“Anything else?”

“No. Oh, wait.” He ran up to the siming blanket and studied it more closely. “There’s something on top of the highest branches. It looks kinda like a cloud, but I can’t be sure. A rain cloud.”

“Just one rain cloud?” Bittersweet asked.

“Yes,” he said decisively. “One.”

“Anything else? Anything coming out of the cloud? Like…a bird, maybe?”

“Great-Great Auntie,” the little boy said, turning around to face her. “You’re trying to trick me, aren’t you? There’s nothing coming out of the cloud, because the cloud itself is barely there! It’s fading away, just like dark clouds do after it’s rained and the sun comes back out and melts them.”

“What a smart boy you are, Liqi,” Bittersweet laughed. “And because you’re smart…” She gave him a coconut candy from the porcelain jar on her dresser.

“And what a good Great-Great Auntie you are!” he cried, as he ran out of her room to enjoy his treat in private.


“We’ll have a pair of new distance and reading glasses made up for you,” the ophthalmologist told her, “now that we have the correct prescriptions.”

She accepted Dr. Hwang’s invitation to “have a chat with my favorite patient,” in his office. On his desk, along with numerous folders, was a copy of the I Ching. She was familiar with the ancient book of divination, though she had little practice with it. It was a book she remembered Hwang Tai-tai consulting before she made any important decision, even a minor one.

“How are you feeling, Li Tai-tai?” he asked, less with the formality of a doctor than the interest of a friend. “Any aches or pains? Any complaints? Any changes you want to tell me about?”

“Few complaints, I’m happy to say, for a woman my age. There is one change, though. Lately I’ve been having dreams. Usually I don’t remember my dreams, or they’re in bits and pieces, and they don’t make any sense. But these recent ones are clear and continuous—like chapters of a book. What’s more, they all take place in Shanghai.”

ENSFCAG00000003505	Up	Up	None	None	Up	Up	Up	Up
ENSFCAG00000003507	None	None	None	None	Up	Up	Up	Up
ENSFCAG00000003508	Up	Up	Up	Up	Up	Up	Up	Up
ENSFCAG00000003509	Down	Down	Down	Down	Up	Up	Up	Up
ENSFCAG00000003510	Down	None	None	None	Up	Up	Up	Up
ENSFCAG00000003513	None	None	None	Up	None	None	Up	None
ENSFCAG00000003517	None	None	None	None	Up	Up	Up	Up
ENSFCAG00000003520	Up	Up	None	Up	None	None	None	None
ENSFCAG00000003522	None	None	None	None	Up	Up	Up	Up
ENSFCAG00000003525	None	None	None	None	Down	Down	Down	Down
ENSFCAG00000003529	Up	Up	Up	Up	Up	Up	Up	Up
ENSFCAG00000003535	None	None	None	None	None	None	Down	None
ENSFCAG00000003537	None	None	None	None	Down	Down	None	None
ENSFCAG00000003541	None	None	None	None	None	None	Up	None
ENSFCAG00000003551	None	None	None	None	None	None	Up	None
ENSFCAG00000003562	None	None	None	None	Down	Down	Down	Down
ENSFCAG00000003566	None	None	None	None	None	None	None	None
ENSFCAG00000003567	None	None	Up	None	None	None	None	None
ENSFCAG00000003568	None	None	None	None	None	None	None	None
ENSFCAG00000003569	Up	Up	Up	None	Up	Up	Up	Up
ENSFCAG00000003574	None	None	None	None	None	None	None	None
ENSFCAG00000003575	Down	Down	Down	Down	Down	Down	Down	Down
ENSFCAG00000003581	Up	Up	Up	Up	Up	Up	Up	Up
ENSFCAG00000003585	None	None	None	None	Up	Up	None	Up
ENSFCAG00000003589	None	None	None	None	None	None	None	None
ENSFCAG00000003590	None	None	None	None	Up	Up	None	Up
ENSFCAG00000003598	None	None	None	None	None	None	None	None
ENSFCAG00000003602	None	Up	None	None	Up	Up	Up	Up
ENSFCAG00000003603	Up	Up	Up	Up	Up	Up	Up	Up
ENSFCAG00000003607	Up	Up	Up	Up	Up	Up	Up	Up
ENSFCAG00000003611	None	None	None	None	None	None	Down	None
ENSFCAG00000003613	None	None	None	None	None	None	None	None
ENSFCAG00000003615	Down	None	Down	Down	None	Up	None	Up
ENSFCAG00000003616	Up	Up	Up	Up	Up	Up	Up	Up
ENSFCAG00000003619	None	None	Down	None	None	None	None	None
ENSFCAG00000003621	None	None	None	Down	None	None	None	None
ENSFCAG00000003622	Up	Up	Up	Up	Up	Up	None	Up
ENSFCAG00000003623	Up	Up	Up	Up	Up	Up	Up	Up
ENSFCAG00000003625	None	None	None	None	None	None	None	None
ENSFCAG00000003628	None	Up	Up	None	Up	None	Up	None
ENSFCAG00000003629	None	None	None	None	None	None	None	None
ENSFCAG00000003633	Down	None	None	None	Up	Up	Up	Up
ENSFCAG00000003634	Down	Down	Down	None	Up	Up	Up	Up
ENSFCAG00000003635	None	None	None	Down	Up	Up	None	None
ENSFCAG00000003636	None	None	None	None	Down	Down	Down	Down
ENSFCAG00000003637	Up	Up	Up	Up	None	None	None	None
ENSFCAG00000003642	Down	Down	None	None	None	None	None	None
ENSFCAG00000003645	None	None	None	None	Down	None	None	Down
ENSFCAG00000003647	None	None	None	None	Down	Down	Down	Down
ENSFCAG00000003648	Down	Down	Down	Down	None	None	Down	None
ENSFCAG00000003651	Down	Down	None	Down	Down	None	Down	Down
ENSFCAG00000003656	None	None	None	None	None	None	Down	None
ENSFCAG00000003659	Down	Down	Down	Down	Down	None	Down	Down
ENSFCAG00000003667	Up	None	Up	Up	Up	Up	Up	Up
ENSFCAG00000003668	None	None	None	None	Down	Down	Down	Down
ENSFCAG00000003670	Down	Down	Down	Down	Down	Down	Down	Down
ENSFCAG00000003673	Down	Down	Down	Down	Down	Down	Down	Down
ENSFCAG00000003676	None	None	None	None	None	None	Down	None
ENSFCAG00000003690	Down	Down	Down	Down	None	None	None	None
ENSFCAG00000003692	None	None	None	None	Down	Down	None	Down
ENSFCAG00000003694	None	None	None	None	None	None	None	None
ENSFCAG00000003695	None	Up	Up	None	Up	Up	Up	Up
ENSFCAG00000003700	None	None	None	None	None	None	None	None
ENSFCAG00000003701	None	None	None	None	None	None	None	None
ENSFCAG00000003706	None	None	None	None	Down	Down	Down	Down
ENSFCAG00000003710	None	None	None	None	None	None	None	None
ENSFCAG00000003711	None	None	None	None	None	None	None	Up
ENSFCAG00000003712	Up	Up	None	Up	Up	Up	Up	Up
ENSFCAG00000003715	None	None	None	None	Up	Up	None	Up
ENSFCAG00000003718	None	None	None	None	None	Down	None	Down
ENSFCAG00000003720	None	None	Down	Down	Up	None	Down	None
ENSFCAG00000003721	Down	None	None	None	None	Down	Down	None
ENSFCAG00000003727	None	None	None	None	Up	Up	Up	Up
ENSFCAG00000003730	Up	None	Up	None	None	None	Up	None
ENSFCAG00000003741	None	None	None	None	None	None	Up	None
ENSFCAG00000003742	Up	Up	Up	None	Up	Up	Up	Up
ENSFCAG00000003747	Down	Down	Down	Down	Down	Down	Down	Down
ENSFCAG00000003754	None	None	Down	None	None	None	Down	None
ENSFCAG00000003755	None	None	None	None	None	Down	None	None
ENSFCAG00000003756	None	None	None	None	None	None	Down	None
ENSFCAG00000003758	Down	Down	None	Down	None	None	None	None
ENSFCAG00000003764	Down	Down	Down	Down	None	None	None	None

“Shanghai,” Dr. Hwang murmured, sinking deeper into his chair.

“I lived in Shanghai once, but only briefly,” Bittersweet continued, “for several months, but many years ago. In 1948 and 1949. Of course, I have memories of the city. Memories I can recall. But these dreams clearly take place decades earlier. In the 1920s and 1930s. They’re nothing like my memories, yet the images are so vivid. It’s as though I’m remembering rather than dreaming, which is of course impossible: I never lived in Shanghai in the ’20s and ’30s….”

…though Hardu did, she thought to herself. His words are coloring my dreams. 

“Ah, but I did,” Dr. Hwang said, gazing out his office window. “It was the most cosmopolitan city in the Far East…perhaps in the world. How well it deserved the name Pearl of the Orient! A far cry from what it is now.”

For the next hour, the director of Guilin Hospital #2 and his “favorite patient” traded stories about their experiences in that fabled city. Because Bittersweet’s sojourn had been far shorter than the decades Dr. Hwang had lived in the Paris of the East, she was perfectly satisfied just to listen to him and in the process get to know the son of the woman who had been her best friend.